For an enthralling Metal Gear experience that encompasses crawling through a microwave tunnel, blowing the dust off Metal Gear REX to lock horns with RAY, and a sombre conclusion to rival any video game ending, it’s a wonder that Guns of the Patriots enters our list in fifth place. It’s a testimony to Kojima’s franchise, then, that MGS 4 is still widely held up as one of PlayStation 3’s bona fide masterpieces despite not standing as the out-and-out favorite.
What separates Guns of the Patriots from its peers is that it offers something that Metal Gear games have but teased in the past: resolution. Set in the year 2014, Kojima’s sequel calls a rapidly aging out of retirement (again!) to stop Liquid Ocelot once and for all. From Eastern Europe to the Middle East, MGS 4 is a true globe-trotting adventure, and it’s one that is simply brimming with nostalgia.
As we touched upon in our Top 5 MGS Moments video, it really is the return to Shadow Moses that stands the test of time.
Check out our review of Solid Snake's final adventure here.
Remaining with Big Boss for the time being and our next contender ushers in PSP classic, Peace Walker. Leading the charge for the Militaires Sans Frontières, the portable stealth hit sends Big Boss and Kazuhira Miller into Costa Rica in order to foil yet another nuclear masterplan.
Peace Walker is the name and advanced artificial intelligence is the game, with the bi-pedal war machine built using the personality of our hero’s old mentor, The Boss. Struggling to believe his ears, Big Boss then plots course for the compound, entering a tussle with deranged CIA agent, Hot Coldman.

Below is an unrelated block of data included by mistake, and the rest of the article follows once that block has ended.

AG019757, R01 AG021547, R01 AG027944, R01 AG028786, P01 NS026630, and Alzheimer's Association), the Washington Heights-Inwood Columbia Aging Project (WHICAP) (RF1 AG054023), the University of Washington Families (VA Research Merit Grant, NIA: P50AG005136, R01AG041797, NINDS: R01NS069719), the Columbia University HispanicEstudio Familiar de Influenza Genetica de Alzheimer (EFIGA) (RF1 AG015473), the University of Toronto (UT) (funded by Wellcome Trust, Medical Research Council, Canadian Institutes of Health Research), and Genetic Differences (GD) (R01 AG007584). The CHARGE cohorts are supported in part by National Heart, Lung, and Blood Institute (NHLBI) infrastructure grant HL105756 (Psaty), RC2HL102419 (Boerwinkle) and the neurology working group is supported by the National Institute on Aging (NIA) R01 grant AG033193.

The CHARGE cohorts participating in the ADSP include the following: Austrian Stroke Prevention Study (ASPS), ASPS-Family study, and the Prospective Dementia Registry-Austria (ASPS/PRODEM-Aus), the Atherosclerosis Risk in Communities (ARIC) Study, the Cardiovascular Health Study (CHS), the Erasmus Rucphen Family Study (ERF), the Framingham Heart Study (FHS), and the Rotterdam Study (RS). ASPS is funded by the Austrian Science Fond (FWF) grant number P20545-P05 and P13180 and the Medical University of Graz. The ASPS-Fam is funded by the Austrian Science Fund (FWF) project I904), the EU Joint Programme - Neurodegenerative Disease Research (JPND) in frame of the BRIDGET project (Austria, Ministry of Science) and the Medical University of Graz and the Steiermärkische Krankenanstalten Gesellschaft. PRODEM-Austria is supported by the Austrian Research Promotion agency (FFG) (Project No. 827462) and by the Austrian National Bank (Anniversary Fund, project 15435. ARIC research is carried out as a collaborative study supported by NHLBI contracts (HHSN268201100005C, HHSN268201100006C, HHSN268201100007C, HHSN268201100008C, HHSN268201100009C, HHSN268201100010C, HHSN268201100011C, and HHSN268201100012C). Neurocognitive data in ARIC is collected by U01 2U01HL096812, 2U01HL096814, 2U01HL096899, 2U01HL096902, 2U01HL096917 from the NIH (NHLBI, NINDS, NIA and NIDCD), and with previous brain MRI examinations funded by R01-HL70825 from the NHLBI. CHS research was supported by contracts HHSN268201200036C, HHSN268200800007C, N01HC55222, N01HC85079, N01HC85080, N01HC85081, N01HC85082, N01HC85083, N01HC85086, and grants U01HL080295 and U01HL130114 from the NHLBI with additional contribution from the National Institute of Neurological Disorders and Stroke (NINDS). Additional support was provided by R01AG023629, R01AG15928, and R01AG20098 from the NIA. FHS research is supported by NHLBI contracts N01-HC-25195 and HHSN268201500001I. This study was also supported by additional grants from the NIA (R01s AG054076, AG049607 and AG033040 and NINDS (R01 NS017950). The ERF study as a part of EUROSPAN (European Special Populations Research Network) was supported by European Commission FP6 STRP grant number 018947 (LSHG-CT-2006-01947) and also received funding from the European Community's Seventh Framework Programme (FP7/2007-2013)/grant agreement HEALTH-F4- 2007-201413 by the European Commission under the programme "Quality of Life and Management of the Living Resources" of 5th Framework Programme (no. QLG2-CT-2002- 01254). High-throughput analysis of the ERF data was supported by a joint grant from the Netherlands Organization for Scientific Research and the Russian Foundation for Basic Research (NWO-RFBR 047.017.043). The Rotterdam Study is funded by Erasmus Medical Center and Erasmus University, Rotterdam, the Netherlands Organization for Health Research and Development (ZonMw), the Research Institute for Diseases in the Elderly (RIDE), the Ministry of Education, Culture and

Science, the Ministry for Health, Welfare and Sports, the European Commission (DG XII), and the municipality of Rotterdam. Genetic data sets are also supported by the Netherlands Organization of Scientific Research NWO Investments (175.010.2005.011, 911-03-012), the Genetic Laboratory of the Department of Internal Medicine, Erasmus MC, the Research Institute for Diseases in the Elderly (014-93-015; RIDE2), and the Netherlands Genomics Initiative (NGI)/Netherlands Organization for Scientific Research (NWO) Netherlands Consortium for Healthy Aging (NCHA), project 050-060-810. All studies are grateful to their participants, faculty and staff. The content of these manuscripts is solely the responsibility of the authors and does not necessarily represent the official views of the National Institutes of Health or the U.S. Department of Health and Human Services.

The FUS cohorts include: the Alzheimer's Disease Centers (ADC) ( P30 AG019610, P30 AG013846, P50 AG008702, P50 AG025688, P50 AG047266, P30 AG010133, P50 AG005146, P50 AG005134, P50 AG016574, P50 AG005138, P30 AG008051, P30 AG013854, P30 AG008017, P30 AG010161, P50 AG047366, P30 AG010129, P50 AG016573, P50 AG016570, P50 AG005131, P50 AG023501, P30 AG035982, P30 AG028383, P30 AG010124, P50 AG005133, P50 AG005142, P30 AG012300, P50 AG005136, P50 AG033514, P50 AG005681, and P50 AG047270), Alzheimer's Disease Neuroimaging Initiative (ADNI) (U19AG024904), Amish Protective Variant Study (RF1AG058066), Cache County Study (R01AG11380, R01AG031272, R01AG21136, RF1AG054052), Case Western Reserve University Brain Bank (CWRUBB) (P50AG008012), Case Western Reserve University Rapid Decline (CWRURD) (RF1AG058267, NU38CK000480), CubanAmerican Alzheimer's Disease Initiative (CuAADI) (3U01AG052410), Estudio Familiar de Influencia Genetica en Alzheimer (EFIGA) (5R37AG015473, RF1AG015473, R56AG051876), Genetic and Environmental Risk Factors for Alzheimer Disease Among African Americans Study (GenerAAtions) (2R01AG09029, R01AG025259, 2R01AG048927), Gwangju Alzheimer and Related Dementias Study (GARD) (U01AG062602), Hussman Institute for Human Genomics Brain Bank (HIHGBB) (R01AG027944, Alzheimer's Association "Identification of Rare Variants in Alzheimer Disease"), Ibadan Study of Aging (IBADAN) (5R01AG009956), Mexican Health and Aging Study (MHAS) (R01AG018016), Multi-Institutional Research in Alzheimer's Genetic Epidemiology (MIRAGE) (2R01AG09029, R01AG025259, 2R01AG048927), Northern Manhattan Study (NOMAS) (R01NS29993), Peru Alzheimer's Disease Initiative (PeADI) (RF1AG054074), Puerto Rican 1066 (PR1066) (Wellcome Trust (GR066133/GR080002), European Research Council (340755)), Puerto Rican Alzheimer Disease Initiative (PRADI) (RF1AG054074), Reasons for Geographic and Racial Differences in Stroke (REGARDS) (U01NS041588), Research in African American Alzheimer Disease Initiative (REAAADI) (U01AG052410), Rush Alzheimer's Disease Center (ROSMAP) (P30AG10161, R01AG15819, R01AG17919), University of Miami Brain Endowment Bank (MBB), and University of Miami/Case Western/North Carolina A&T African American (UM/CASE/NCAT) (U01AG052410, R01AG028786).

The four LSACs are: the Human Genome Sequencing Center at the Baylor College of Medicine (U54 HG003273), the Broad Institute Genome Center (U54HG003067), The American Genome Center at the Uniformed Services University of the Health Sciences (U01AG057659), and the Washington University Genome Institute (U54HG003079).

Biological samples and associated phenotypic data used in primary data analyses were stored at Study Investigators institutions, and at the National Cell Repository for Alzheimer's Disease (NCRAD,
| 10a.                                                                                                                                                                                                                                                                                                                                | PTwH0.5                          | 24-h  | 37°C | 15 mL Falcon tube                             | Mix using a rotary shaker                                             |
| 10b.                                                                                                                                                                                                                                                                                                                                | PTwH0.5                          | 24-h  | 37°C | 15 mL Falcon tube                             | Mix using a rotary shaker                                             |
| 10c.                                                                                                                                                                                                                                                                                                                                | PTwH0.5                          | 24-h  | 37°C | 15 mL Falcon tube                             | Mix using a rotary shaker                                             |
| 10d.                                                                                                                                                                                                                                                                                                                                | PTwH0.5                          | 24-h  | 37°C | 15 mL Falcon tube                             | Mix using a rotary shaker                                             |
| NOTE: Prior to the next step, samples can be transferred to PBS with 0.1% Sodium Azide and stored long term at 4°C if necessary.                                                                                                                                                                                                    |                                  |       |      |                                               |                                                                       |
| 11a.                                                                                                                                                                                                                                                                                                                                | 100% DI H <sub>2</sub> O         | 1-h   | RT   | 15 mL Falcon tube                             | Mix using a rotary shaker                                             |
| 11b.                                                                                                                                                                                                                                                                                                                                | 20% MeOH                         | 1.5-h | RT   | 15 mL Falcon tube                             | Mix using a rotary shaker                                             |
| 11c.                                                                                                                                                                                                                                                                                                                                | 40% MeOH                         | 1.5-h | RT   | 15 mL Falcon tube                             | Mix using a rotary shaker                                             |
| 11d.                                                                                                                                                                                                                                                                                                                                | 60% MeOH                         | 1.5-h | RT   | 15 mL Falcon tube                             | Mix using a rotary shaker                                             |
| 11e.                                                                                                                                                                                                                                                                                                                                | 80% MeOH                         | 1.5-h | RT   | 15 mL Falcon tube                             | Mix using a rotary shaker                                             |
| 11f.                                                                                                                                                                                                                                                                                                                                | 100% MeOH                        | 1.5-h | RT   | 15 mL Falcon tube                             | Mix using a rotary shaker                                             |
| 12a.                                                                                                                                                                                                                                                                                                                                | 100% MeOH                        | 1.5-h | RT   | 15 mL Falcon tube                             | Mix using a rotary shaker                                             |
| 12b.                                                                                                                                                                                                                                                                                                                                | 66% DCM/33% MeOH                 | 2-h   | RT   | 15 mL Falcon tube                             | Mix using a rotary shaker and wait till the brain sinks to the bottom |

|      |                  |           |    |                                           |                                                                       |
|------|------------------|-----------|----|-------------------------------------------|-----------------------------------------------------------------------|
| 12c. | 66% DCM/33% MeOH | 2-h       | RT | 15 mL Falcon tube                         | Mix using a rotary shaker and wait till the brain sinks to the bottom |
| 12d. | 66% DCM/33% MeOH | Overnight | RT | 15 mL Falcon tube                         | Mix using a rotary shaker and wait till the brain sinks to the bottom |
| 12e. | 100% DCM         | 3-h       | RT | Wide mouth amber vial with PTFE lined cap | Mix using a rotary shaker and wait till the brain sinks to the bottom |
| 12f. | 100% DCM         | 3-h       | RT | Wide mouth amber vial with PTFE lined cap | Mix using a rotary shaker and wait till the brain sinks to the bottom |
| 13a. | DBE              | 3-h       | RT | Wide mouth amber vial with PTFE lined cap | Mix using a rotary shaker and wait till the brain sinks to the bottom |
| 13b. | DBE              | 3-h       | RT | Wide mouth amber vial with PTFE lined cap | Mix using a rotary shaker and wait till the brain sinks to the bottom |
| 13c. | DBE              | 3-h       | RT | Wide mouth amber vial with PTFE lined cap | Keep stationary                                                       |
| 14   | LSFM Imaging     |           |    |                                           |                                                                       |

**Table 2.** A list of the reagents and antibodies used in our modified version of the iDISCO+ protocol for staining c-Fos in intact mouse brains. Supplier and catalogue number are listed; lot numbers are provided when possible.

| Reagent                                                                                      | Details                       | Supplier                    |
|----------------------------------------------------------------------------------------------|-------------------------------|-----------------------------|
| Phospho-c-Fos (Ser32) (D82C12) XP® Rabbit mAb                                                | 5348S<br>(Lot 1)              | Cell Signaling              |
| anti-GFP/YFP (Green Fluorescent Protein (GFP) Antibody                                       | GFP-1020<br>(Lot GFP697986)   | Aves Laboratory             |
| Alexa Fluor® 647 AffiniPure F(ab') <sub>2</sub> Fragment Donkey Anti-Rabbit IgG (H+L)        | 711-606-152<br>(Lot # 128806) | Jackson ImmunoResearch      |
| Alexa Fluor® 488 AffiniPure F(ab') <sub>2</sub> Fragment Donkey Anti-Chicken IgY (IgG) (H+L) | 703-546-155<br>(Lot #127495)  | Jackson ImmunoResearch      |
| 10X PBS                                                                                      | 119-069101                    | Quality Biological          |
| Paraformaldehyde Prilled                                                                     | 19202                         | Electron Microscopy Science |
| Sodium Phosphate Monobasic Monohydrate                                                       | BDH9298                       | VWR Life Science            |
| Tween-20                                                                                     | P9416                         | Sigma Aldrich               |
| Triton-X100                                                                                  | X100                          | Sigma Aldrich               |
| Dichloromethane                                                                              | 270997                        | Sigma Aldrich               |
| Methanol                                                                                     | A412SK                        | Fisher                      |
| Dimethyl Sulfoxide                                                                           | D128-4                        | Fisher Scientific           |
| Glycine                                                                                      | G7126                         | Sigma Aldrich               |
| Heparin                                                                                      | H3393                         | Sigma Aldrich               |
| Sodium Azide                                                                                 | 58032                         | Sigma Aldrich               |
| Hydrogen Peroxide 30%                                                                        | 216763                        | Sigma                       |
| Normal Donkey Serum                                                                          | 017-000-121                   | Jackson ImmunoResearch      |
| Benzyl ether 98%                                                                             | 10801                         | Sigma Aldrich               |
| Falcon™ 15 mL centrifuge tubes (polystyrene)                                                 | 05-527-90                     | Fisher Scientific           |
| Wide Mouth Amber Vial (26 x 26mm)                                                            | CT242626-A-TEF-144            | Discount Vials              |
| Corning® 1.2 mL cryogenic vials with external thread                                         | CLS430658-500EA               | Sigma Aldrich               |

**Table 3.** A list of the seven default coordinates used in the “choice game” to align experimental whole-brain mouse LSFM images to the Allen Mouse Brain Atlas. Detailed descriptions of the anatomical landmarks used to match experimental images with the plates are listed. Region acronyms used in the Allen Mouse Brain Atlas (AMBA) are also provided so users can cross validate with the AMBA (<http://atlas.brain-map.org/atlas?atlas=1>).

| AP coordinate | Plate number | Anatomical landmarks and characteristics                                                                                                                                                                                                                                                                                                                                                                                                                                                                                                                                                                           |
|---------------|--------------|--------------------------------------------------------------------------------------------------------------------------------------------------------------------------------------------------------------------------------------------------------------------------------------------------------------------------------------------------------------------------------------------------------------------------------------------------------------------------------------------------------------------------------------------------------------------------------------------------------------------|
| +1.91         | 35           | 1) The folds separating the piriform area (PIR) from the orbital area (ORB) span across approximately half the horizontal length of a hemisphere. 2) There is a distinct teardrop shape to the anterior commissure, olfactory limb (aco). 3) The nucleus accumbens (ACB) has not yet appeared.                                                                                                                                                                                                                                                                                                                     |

Few PSP games boast the scale and scope of Peace Walker, and the fact that Kojima Productions wrangled the intricate gameplay of Metal Gear onto Sony’s handheld is a feat in and of itself. There’s also plenty of new faces to familiarise yourself with in the build-up to Ground Zeroes and MGS V — faces such as Paz Ortega Andrade and Hal’s father, Huey Emmerich.
Indeed of all the Metal Gears that have led up to The Phantom Pain’s release, Peace Walker essentially acts as its pixelated foundation, harboring the mission-based gameplay, Fulton system and sprawling Mother Base that will all feature in the imminent sequel. And we can hardly wait.
Journey back through time with our review of the PSP classic.
Solid Snake and Otacon return in Metal Gear Solid 2: Sons of Liberty — but not as you know them. Flying the flag for nuclear disarmament under the Philanthropy group, the old pals are tackling a new threat that has emerged revolving around the Metal Gear tech. Barring a brief prologue aboard the USS Discovery, Snake and his bumbling ally are put on the back-burner to make room for Raiden, the effeminate FOXHOUND agent who, to put it lightly, proved to be one of the series’ more divisive characters.